I'd put it shortly like this: Because nobody implemented it. Making realistic sky is more expensive than making one up, and most of the time nobody notices. So the management has no reason to allocate funds to such an endeavor. (And indies, well, don't have funds. :) –  ver Feb 12 '13 at 7:35
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I'd just say memory restrictions: It's far easier to use a relatively small texture (either due to hardware restrictions or for performance reasons) and just repeat it over and over again instead of mapping the whole sky "as is" as long as it's no core gameplay element (and just decoration). This has been even more noticeable in old games, e.g. on consoles from the 80's or 90's where you usually had a very simple pattern (if any at all; i.e. 1-2 stars per tile only).

From time to time devs still tend to include some well known constellations just for people to notice them.

Two examples coming to my mind, first one being Illusion of Gaia (known as Illusion of Time in Europe), where the Cygnus constellation played a major role in the plot (the red "star" is meant to be a new star that appeared heralding things to come):

Scene from Illusion of Gaia/Time

Another example would be Mega Man 2. There's one stage featuring stars in the background. They've added a very easily noticeable Ursa Major right before the end of the Crash Man stage:

Crash Man stage in Mega Man 2 (right before the boss room)

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There's also Eve Online, which - although having it's own constellations, as it's taking place "in another galaxy", takes care to render them in proper locations depending on the solar system you visit. –  skolima Jan 18 '13 at 15:50
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Yes and no, there's a limited set of fixed star backgrounds based on the region you're in. On top of that layer they add adjacent solar systems (you can reach with local stargates) as additional stars. –  Mario Jan 18 '13 at 16:19
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The simple answer is that to do a realistic night sky including constellations, you either need to use a lot of texture resolution, or a lot of geometry. Or both.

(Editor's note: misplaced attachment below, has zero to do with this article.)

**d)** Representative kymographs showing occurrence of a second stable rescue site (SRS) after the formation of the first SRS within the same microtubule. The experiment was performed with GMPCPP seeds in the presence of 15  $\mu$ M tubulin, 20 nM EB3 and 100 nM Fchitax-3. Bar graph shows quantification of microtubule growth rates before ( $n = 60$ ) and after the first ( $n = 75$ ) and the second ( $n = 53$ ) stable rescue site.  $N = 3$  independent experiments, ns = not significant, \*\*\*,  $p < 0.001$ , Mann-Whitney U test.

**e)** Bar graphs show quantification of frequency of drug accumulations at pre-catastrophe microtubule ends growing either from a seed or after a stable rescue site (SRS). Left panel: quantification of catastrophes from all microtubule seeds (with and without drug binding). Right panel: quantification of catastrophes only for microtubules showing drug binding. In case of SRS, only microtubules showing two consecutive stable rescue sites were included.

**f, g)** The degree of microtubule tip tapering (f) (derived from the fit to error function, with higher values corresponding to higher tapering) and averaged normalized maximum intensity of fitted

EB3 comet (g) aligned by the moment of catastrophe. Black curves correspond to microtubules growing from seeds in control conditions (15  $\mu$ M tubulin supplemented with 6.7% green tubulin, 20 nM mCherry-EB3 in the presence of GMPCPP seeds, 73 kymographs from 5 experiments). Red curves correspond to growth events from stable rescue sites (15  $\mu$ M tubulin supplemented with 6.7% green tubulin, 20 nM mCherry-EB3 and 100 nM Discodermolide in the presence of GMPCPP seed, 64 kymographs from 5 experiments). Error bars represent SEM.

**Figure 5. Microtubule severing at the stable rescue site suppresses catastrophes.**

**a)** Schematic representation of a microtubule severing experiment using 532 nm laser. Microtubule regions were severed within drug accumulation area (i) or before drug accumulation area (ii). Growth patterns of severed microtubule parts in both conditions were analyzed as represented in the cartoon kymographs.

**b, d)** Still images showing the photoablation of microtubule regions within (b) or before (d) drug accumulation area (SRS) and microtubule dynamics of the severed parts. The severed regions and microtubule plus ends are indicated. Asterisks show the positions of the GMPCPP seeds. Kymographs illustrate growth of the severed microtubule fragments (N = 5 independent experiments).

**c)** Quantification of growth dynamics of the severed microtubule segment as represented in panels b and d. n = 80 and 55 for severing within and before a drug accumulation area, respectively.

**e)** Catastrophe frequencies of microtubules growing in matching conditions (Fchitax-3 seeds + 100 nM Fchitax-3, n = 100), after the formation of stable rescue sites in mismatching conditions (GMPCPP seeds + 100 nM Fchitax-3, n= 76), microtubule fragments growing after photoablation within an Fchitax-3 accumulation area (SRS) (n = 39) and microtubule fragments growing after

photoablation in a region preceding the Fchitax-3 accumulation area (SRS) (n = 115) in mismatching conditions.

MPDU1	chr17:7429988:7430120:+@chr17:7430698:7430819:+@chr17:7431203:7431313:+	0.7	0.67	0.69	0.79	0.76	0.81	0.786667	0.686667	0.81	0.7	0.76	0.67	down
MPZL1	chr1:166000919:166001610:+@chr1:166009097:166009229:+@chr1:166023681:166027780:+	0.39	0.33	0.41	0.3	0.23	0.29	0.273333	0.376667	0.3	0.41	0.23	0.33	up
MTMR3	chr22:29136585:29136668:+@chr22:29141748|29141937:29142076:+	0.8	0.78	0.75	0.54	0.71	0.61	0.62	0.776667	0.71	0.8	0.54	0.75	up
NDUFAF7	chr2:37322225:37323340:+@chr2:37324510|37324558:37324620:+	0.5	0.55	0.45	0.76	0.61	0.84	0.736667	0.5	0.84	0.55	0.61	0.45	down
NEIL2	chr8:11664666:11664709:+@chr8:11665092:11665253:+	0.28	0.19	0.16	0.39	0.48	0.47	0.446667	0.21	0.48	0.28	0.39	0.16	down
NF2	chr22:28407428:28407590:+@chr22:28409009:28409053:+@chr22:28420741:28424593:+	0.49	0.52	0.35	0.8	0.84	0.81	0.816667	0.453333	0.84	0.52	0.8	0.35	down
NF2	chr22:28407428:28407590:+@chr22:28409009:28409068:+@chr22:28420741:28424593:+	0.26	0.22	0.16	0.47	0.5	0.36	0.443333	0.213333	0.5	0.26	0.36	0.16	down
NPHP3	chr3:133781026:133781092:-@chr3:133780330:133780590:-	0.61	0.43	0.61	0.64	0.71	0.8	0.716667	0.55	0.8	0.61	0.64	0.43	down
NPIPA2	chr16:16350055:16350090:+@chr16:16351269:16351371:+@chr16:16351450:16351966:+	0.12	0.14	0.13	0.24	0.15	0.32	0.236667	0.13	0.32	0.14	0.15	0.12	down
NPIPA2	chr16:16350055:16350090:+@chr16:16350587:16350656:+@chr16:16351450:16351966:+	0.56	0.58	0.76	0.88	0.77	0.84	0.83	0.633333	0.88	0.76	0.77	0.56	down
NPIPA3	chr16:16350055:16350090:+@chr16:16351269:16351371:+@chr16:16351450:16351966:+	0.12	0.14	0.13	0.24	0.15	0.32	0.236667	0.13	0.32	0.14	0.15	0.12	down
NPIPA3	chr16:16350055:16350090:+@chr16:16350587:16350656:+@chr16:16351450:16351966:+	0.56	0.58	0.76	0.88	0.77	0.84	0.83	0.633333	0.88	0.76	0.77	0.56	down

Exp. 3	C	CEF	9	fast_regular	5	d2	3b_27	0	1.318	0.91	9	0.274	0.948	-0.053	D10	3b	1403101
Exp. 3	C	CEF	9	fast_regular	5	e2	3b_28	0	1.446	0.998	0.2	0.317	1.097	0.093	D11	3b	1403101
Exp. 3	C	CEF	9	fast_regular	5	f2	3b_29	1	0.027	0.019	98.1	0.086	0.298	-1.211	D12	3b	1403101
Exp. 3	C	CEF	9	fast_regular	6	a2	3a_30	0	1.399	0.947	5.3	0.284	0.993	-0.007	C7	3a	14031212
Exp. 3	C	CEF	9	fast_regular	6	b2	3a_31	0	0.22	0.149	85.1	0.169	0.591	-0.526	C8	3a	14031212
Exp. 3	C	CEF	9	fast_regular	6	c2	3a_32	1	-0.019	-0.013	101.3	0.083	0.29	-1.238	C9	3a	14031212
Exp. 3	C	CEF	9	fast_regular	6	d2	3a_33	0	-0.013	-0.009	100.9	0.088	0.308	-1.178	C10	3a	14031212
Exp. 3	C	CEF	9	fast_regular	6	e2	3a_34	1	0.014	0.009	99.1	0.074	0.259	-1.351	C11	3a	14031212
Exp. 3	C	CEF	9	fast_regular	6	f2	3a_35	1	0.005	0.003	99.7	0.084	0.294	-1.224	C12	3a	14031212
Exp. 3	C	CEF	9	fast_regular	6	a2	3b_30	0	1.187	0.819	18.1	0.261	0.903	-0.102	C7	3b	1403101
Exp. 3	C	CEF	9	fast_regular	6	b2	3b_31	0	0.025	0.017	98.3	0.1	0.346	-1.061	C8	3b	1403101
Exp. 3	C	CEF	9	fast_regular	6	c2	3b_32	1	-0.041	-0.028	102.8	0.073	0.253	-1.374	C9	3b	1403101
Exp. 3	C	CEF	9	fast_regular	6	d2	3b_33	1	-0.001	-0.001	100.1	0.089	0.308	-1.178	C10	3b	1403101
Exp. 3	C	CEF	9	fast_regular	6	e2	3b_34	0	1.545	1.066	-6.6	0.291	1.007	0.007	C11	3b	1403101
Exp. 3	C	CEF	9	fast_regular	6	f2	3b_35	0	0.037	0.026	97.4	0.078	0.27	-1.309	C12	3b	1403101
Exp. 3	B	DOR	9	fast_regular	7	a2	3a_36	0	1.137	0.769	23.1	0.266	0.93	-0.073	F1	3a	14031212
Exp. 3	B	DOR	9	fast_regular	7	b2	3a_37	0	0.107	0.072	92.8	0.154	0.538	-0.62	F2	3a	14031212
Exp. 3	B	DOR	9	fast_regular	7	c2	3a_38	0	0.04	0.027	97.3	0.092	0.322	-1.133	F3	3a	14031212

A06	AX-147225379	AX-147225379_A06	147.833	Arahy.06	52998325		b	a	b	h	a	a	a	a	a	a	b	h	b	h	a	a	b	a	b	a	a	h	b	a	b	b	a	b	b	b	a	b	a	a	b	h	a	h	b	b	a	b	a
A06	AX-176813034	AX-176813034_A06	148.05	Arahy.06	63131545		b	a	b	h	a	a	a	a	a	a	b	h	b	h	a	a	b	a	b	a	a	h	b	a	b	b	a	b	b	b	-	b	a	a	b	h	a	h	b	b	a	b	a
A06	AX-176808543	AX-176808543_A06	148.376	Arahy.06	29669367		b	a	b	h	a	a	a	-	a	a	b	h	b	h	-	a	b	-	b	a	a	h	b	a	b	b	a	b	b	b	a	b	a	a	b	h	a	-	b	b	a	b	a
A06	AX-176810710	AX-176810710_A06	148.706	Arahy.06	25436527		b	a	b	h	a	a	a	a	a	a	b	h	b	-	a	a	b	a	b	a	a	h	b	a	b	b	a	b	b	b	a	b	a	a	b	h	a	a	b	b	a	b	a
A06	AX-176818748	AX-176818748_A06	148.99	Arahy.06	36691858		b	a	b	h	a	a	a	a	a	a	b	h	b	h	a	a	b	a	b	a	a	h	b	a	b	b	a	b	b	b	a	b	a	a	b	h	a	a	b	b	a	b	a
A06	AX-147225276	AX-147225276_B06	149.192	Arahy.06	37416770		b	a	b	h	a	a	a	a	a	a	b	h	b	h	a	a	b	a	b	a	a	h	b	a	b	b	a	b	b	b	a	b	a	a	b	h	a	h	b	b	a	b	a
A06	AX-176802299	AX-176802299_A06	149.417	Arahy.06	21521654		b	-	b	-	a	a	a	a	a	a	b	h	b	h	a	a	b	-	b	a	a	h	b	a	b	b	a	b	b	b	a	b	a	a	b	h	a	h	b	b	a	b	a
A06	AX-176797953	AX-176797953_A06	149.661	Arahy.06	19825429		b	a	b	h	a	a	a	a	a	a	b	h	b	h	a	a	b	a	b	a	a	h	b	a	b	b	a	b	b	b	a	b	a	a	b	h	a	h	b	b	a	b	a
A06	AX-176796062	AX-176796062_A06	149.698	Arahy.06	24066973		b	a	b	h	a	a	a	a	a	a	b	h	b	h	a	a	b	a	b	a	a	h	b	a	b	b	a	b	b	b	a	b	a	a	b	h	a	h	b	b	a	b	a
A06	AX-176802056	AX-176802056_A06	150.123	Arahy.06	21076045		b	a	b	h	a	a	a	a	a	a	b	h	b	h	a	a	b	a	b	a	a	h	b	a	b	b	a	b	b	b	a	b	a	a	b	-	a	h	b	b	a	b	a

Most modern games want to spend their texture budget and rendering draw calls on things which impact directly on the play experience, which they know that every player is going to be focusing on for most of the time. Which means that the only games which typically spend a lot of time representing stars and constellations accurately are detailed space sims, where they can be important for navigation. (I expect that you'd see them in sailing sims, too, for the same reason)

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+1; there are a LOT of stars in the sky and how many are visible depends on local viewing conditions, so it's quite a complex simulation for something that would fall into "nice to have". –  Jimmy Shelter Jan 18 '13 at 15:09
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Good question!

Reason number one: Laziness. It's much easier to just hit random noise on a texture and be done with it.

Reason number two: Artistic direction. Have you noticed how ludicrous the moon is on the night sky in the games that have it?

Reason number three: resources. Once you start to strive for realism in the night sky, you want a very, very high-resolution texture to pull it off. Having a lower-resolution texture, or using tiling tricks to get a higher resolution, makes it harder for the "realistic night sky" to look good while looking "right".

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Actually, a better name for reason one is "budget" :) –  Liosan Jan 18 '13 at 13:31
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I don't buy #2. Do art directors spoil realistic night skies with their big moons? And as for #3: there are games that do it pretty well. –  Eric Jan 18 '13 at 13:39
    
Not that much big of a resource cost, especially in modern 3d games. A notable exception is Operation Flashpoint, from 2001, where the star map was correct, even regarding the hour of the night, and one mission actually required navigating using the stars, as your compass was lost. –  vsz Jan 18 '13 at 18:07